A Parking Dilemma

By: Leslie Hamilton, Features Editor 

Although S&T is a rather small campus and walking, biking, and even scootering are considered norms for commuting, a fair amount of people still commute by car or need a semi-permanent place to park on campus – particularly those that still live on-campus in residential halls. Unfortunately, on-campus parking and even parking remotely close to campus is rather difficult to come across. A parking spot closest to your destination can be as rare as a desert oasis, especially one that does not violate parking ordinates, coins for a parking meter, or a parking permit/pass. In the end, it comes down to your willingness to risk getting a parking ticket. Nevertheless, this parking problem continues to grow as incoming freshman classes continue to get larger and larger and more transfer students transfer into the university. From a student’s standpoint, the university is making an effort to correct the parking situation alongside issues related to limited student housing; however, is it enough and is there a longterm solution?

Current, on-campus housing parking does not appear to reflect basic assumptions, nor does it always account for commuting students and faculty that may apply for a permit for that lot. The Thomas Jefferson residence hall, commonly known as TJ, permit parking requires the permit holder live in that particular residence hall and is the only parking lot that is enforced and monitored “24 hours a day, 7 days a week” per the University Police Department’s parking lot operations. This parking lot seems to better reflect parking needs for the students living there, assuming a range of zero to two cars per room; however, I do not doubt that there are students living in TJ without a permit for that lot. In contrast to the TJ parking lot, other residence hall parking lots and nearby parking lots, such as the overflow parking lot located across the street from the Residential College 1 (RC-1), do not require verification of residence to obtain a permit nor do they guarantee that a student living in on-campus housing, will be able to obtain a parking permit near their semi-permanent residence. For example, I distinctly remember living in RC-2 my freshman year at S&T and being on the waitlist for the parking lot closest to my dorm. Although I settled for a parking permit in a parking lot that was within walking distance, Area X, Lot 22 by Gale Bullman and the fitness center to be exact, it was still an annoyance and inconvenience whenever I needed to use my car. I eventually got off the waitlist and got a spot in my desired parking lot, approximately a week before I moved into a sorority house, wherein my parking permit was not frequently used, but was still valid. A similar thing was seen my freshman year with parking around the Quadrangle, which was mostly street parking, and the nearby lot still did not reflect the students living there, while accounting for commuting students and faculty.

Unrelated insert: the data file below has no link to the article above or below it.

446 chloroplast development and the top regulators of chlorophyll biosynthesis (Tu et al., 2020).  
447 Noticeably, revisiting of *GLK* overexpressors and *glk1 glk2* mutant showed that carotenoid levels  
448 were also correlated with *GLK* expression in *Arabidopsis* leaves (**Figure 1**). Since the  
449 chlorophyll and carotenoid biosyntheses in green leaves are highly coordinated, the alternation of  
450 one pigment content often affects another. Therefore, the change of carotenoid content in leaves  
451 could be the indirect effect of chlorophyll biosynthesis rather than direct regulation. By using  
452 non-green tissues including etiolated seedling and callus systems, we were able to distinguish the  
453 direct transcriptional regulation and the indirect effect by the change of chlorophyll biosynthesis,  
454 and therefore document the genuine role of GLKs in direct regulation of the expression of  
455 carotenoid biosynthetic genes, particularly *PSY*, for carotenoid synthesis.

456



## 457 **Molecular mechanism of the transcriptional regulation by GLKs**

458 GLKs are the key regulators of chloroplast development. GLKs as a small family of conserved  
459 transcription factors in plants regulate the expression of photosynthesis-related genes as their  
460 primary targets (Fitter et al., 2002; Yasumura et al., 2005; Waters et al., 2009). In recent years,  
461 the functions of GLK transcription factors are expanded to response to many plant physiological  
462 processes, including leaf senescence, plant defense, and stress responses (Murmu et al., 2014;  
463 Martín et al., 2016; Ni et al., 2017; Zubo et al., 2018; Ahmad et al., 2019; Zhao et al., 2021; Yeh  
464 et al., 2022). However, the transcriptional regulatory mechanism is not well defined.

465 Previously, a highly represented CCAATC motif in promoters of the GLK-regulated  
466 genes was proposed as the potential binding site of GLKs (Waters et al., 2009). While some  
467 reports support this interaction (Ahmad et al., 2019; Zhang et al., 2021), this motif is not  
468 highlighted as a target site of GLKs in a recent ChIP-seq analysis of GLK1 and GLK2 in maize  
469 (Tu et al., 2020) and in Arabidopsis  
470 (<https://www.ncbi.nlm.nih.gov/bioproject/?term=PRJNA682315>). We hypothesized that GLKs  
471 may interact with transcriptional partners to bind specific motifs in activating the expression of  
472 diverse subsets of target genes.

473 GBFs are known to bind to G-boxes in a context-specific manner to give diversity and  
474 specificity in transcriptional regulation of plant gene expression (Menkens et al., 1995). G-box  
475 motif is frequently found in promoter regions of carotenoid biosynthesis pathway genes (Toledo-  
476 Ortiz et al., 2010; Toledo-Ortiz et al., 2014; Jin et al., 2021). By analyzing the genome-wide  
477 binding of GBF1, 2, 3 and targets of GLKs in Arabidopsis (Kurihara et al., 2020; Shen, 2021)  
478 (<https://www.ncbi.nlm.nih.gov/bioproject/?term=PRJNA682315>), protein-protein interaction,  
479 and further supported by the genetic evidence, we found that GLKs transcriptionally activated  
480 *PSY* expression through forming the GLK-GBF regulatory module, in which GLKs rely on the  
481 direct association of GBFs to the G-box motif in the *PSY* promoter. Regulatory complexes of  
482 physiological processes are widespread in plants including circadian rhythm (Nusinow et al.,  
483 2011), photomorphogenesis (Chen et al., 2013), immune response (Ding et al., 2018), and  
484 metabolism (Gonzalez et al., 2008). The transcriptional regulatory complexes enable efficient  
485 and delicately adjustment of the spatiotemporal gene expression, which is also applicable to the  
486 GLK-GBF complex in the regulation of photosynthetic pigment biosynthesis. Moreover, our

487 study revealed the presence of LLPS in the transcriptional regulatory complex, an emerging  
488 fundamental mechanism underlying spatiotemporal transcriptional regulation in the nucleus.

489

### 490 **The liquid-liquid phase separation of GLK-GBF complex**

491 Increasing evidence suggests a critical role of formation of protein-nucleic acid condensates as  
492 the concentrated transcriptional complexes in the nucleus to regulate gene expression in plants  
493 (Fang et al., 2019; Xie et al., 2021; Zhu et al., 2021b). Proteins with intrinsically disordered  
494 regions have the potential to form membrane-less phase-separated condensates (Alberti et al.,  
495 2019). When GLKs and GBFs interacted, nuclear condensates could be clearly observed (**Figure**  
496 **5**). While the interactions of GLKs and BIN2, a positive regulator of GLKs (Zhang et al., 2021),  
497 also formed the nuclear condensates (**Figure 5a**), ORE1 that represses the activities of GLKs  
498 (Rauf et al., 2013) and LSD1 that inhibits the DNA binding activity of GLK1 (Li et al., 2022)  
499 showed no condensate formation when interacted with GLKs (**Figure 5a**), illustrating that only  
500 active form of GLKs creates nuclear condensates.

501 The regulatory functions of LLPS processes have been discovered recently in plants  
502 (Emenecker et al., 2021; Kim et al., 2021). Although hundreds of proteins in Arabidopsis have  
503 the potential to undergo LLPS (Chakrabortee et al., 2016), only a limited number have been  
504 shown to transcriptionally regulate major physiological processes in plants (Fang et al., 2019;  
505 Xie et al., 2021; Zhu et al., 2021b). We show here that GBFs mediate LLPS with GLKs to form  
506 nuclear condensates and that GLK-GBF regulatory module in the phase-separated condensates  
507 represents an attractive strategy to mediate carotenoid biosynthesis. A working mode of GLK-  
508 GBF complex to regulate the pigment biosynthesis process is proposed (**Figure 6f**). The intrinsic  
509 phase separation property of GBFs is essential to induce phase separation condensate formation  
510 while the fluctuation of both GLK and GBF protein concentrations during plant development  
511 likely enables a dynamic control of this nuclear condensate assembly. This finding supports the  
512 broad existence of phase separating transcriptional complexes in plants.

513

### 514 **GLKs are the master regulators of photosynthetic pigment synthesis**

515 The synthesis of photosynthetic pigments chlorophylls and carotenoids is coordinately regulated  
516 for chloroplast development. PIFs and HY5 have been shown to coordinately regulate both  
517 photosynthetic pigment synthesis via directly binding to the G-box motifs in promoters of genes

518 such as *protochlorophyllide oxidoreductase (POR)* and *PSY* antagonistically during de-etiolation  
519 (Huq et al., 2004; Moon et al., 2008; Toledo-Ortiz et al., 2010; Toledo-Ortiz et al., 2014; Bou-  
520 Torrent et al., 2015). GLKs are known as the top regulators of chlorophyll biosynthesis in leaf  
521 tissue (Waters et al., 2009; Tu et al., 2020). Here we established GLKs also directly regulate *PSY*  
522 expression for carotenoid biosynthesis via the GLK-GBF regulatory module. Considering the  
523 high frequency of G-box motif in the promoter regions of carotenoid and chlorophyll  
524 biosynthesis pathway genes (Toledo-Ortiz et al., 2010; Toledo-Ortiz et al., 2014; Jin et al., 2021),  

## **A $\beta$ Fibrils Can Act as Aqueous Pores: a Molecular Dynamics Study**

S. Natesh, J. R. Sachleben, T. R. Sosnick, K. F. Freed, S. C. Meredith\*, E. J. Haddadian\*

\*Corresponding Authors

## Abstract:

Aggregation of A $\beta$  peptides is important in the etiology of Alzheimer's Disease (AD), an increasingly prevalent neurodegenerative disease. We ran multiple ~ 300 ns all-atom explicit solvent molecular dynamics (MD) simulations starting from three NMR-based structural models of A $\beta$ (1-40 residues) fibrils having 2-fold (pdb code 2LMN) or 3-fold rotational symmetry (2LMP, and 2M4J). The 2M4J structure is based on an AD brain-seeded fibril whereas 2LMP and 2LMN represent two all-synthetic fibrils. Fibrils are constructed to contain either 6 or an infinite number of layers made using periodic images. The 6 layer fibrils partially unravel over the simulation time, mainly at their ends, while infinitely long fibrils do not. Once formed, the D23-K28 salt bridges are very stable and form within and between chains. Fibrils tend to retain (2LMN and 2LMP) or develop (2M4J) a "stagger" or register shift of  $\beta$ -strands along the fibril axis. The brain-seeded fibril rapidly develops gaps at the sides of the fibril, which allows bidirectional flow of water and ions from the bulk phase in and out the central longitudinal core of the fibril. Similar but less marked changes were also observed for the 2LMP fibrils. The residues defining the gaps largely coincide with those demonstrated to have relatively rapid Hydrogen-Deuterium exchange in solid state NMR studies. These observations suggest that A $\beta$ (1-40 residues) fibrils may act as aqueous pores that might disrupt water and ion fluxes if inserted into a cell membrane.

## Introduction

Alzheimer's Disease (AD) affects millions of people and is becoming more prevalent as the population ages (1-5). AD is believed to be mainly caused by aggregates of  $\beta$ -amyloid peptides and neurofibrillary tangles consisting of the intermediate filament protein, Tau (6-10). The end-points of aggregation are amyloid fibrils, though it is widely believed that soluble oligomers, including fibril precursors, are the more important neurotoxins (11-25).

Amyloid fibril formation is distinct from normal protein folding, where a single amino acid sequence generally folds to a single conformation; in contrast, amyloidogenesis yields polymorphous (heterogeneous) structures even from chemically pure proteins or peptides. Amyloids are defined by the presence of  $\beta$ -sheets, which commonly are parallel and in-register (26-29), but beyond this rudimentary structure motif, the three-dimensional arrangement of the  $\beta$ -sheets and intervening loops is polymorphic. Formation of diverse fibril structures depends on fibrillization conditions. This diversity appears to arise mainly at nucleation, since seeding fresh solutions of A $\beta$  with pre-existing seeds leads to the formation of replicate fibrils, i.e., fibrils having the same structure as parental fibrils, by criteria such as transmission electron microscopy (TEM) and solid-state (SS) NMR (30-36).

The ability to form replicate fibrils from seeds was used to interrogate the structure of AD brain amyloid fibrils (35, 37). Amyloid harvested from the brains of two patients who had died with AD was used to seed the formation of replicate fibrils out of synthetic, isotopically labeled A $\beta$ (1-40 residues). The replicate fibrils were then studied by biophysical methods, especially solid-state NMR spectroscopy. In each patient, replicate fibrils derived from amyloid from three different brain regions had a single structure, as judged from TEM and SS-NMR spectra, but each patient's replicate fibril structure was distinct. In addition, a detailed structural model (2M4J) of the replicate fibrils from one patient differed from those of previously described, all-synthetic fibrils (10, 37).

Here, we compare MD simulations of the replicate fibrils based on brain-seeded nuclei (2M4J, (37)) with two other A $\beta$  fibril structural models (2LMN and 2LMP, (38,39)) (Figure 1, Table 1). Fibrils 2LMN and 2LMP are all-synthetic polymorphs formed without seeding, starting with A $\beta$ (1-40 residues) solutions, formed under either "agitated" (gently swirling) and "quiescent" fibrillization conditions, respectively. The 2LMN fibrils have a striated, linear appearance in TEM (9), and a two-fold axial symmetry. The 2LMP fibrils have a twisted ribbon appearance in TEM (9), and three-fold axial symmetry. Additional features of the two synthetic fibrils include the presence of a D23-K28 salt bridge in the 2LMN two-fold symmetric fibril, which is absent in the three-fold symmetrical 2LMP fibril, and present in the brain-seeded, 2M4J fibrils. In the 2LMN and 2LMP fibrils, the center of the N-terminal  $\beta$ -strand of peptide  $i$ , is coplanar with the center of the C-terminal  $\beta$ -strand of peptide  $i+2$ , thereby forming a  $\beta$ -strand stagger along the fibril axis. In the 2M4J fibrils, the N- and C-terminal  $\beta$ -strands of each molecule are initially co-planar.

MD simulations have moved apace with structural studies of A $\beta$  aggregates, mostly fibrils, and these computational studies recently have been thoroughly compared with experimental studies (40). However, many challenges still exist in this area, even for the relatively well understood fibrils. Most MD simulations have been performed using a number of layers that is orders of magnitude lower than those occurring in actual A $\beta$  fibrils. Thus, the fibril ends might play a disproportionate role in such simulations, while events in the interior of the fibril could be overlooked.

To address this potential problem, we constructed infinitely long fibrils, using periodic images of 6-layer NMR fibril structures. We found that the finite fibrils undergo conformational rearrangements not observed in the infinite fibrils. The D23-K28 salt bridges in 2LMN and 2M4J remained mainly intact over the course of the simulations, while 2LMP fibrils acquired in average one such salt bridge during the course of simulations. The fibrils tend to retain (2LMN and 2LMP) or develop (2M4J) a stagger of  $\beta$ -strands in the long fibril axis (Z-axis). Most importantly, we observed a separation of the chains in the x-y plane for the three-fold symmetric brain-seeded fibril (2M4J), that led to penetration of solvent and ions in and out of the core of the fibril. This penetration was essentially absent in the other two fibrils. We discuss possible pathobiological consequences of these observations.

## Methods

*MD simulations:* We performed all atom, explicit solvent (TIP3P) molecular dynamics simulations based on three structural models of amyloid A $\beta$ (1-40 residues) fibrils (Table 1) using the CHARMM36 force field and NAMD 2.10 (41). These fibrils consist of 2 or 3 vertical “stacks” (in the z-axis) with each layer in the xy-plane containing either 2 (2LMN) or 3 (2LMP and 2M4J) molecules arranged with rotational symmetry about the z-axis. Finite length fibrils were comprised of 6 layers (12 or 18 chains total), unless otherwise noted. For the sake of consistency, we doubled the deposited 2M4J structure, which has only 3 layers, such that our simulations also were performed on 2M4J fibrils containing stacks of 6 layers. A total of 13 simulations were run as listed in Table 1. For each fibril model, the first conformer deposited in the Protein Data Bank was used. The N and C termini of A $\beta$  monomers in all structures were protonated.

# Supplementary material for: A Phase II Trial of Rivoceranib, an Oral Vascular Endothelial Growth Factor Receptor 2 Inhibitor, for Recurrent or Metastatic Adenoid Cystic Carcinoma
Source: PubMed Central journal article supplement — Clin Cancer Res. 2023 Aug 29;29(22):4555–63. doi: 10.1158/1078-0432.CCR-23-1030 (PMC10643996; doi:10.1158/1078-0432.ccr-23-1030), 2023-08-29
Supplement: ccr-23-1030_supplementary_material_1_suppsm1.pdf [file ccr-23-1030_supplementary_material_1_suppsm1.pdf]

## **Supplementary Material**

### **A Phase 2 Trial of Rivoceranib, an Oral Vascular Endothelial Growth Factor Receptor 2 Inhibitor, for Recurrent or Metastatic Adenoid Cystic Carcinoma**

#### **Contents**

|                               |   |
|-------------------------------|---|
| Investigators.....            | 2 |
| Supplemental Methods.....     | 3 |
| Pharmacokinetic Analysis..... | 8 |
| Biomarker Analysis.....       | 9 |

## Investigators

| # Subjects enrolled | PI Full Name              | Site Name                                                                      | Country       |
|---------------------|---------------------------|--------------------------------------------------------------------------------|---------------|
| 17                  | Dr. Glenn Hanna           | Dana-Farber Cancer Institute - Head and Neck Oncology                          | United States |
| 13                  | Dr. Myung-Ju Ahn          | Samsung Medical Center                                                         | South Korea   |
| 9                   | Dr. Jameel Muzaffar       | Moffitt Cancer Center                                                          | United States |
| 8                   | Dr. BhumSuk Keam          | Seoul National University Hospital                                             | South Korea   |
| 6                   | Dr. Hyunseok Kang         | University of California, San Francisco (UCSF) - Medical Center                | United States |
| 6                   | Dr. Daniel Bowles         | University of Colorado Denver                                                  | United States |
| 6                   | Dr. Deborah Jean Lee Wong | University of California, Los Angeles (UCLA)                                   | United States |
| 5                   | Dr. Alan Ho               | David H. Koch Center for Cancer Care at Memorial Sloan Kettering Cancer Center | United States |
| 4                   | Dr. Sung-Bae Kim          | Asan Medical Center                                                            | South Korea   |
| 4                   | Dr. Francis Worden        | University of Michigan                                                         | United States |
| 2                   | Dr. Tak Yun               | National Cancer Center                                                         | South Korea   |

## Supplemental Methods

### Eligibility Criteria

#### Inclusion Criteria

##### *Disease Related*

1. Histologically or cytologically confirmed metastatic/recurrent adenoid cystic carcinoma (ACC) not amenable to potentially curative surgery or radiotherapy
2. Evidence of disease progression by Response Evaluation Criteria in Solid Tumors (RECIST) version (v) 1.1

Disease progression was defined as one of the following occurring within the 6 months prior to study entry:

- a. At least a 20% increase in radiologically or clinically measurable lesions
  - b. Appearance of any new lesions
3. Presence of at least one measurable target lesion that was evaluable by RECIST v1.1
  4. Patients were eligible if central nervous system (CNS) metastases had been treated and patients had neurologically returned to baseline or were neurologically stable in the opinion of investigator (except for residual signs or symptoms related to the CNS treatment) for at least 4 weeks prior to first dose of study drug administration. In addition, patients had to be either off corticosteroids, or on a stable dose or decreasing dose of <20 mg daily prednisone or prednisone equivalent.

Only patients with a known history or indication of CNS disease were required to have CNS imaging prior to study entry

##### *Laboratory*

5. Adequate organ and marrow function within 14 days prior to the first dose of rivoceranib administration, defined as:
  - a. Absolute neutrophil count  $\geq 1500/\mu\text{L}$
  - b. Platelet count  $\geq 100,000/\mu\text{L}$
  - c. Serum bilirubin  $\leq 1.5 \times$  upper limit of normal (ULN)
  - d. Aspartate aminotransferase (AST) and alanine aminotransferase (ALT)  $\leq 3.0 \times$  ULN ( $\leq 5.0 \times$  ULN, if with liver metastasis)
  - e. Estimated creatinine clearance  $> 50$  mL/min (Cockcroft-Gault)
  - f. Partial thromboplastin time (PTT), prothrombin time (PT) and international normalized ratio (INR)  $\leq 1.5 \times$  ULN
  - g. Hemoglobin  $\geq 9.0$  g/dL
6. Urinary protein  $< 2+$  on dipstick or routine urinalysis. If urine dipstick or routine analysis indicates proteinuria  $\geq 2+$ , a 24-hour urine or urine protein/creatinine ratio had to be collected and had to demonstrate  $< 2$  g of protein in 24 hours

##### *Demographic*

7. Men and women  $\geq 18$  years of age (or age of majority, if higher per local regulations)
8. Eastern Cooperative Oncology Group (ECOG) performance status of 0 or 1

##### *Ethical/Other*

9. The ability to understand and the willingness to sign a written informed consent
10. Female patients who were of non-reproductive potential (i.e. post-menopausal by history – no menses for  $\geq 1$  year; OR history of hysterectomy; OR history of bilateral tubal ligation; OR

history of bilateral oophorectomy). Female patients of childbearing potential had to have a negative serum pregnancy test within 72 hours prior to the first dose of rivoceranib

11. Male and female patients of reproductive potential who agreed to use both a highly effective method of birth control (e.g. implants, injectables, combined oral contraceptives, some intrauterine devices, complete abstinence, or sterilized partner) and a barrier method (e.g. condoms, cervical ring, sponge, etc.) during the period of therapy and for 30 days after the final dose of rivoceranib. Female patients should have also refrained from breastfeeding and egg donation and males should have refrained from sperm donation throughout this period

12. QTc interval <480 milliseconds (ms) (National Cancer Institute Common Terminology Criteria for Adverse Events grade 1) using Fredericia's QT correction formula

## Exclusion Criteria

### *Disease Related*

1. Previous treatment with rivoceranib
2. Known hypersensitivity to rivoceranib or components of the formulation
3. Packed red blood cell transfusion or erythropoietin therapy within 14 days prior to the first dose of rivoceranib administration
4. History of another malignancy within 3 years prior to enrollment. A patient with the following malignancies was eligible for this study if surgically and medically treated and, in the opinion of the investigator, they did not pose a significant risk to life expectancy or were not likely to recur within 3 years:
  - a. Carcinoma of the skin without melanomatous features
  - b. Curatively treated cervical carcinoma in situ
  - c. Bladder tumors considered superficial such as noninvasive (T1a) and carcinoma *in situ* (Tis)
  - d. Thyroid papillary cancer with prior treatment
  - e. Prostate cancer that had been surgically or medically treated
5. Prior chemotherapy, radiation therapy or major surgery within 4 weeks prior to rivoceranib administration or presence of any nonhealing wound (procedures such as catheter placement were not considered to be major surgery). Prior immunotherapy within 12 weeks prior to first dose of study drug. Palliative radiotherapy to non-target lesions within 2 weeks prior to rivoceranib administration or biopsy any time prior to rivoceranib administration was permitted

Since my freshman year, the Quadrangle is no longer a quadrangle, but rather the remaining buildings and a parking lot. This additional parking lot, in combination to the building of the University Commons and its associated parking lot, has helped with the loss of on-campus student housing and obviously increased access to on-campus parking; however, the problem is not completely solved. The solution is more comparable to a band aid or the way people commonly use duct tape, it is a temporary fix, a temporary fix that could end up costing more in the long run. It seems that the current environment and needs are being suited rather than looking farther into the future of the university, a lot of which is constricted by the city itself than by the university. The parking lot that lies where a portion of the Quadrangle used to be, is a prime example of university expansion constricted by the city. That parking lot was intended to be a parking garage, but the city would not allow for a parking garage to be built. I get the reasoning behind the decision, aesthetically, but that would have been a great use of space and better accommodate current and potentially future parking needs. In the end, it all begs the question: at the current trend for incoming freshman classes and transfer students, when will the university outgrow Rolla? Or would university acceptance become limited and competitive in order to better reflect available on-campus and off-campus student housing, parking, and classroom sizes?